The Aerosol Laboratory contains specialised equipment to measure even the smallest of particles, less than one nanometre – a billionth of a metre – in diameter, while the Atmospheric Chemistry Laboratory contains instruments to analyse the composition of the atmosphere in detail, including trace amounts of gasses from human activities.
Dr Robyn Schofield from the University of Melbourne’s School of Earth Sciences led a team that launched 10 meteorological balloons from the ship, in the demanding conditions of the Southern Ocean.
“We used this voyage, in part, to plan for future scientific voyages that will be examining storm fronts over the Southern Ocean,” Dr Schofield said.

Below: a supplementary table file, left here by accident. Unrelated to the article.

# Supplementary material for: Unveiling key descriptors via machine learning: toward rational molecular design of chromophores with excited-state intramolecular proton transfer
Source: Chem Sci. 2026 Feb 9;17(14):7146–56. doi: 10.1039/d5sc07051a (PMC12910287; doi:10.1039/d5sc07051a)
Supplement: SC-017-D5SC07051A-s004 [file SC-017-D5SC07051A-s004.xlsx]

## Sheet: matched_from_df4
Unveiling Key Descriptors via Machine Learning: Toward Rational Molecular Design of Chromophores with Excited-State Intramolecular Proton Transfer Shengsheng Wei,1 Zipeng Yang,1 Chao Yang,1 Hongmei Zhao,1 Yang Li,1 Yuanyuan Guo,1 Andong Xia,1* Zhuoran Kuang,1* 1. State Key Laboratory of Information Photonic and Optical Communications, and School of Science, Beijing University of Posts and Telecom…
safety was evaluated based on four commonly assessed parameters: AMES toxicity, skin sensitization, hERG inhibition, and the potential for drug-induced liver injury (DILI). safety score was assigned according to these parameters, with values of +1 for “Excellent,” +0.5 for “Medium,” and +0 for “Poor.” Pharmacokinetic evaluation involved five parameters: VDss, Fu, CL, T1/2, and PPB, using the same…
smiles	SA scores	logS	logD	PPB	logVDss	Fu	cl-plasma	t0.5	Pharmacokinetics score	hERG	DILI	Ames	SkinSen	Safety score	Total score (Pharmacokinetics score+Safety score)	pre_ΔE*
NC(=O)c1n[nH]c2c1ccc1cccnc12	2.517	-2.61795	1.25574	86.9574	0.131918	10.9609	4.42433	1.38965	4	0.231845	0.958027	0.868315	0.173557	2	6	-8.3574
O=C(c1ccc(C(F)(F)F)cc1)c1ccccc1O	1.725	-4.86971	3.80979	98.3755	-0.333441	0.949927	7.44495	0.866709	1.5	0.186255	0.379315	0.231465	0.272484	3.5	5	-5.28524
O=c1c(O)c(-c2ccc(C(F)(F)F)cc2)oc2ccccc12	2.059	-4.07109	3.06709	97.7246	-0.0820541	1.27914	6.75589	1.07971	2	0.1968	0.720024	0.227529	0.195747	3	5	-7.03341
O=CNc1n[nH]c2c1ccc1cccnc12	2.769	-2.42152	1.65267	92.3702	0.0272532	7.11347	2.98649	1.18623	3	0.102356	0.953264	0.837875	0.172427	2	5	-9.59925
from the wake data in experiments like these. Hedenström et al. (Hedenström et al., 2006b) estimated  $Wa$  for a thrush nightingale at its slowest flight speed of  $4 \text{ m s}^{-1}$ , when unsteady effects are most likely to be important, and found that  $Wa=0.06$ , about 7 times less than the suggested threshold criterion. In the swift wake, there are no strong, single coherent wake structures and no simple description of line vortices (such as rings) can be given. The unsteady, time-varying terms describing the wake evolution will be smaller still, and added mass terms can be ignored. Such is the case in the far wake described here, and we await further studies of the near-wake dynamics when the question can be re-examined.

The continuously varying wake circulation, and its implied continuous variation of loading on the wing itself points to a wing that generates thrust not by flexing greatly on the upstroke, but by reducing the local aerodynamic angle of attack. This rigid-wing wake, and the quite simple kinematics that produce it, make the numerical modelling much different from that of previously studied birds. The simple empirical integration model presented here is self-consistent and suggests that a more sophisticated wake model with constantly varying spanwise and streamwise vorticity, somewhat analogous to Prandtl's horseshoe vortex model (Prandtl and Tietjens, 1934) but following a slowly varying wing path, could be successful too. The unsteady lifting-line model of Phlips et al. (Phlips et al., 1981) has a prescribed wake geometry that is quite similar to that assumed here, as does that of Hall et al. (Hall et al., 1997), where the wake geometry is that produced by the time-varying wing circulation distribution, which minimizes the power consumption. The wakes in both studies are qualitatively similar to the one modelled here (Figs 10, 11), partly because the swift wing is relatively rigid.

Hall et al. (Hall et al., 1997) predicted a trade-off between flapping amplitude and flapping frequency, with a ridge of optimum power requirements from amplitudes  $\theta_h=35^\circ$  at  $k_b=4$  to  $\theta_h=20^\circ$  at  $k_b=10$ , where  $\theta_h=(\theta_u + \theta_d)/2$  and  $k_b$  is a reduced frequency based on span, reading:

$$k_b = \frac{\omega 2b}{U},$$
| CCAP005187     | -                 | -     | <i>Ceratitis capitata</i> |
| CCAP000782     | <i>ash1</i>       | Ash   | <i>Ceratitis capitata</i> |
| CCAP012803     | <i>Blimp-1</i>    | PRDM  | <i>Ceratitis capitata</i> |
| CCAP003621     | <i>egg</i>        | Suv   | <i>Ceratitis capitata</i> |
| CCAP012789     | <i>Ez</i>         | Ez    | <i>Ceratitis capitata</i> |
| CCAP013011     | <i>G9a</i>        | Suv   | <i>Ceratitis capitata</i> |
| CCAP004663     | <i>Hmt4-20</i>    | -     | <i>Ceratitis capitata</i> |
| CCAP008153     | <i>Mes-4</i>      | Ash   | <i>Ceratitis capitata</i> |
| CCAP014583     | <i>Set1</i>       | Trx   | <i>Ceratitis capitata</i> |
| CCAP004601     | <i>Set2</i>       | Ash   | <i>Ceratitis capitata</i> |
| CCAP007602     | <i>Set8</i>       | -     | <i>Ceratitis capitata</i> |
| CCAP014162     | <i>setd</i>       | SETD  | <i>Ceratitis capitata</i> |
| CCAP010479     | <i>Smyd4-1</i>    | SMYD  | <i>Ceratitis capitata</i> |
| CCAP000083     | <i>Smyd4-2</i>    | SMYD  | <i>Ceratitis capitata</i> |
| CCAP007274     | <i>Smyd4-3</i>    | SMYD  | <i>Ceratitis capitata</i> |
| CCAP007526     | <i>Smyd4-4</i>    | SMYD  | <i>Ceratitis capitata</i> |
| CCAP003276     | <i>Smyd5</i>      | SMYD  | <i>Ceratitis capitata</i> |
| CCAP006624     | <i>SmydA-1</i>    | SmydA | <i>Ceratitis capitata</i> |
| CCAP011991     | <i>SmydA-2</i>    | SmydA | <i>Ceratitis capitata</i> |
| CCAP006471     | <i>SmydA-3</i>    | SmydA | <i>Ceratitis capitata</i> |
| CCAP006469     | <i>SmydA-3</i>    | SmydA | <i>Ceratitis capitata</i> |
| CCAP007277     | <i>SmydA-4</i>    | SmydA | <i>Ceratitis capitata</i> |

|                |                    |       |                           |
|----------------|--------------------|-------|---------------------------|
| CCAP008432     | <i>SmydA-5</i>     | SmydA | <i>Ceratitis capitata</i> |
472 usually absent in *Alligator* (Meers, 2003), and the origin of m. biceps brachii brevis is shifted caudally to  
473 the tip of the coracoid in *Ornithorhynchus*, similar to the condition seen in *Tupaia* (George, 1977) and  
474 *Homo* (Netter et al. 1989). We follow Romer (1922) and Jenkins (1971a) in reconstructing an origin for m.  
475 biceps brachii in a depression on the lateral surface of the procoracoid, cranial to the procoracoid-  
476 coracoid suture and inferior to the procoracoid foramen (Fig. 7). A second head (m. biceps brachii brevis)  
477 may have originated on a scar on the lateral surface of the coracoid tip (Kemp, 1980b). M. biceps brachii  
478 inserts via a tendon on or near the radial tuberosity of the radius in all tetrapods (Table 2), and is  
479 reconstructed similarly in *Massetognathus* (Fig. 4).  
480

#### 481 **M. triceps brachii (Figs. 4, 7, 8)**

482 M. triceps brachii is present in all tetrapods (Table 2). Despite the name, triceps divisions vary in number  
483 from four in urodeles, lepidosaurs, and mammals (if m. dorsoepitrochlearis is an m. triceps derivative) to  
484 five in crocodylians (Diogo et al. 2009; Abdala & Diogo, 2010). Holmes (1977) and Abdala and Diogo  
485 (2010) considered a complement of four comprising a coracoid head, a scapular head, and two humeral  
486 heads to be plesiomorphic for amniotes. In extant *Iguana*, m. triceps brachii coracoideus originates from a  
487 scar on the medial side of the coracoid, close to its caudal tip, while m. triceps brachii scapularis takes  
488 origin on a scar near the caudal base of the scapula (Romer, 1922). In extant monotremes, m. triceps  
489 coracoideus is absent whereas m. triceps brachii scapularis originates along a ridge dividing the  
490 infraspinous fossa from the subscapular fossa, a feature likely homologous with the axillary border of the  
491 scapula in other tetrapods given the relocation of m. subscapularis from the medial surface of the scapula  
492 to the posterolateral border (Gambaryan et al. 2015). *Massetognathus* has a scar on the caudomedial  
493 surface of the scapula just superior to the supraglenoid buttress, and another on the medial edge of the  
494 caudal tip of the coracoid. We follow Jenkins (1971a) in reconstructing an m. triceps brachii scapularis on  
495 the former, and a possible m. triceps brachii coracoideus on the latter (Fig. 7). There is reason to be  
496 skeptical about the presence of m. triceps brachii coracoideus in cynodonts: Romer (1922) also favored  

“Being so far from populated areas, atmospheric data collection in the Southern Ocean to date has been difficult and these labs will make a real difference to the quality of observations to test our climate models.
“Our politicians depend on accurate climate models to make good decisions about our future.
“The unique data sets these laboratories will provide will give the most complete picture of the atmosphere over the Southern Ocean and significantly improve our ability to predict future changes to Australian weather and climate.”
Atmospheric research scientist Dr Melita Keywood, from CSIRO’s Oceans and Atmosphere Flagship, said the equipment in the laboratories performed above expectations.
“The instruments ran extremely well during the voyage, and we collected some really interesting data which show us the influence of both natural ocean emissions and of human emissions on the composition of air over the Southern Ocean,” Dr Keywood said.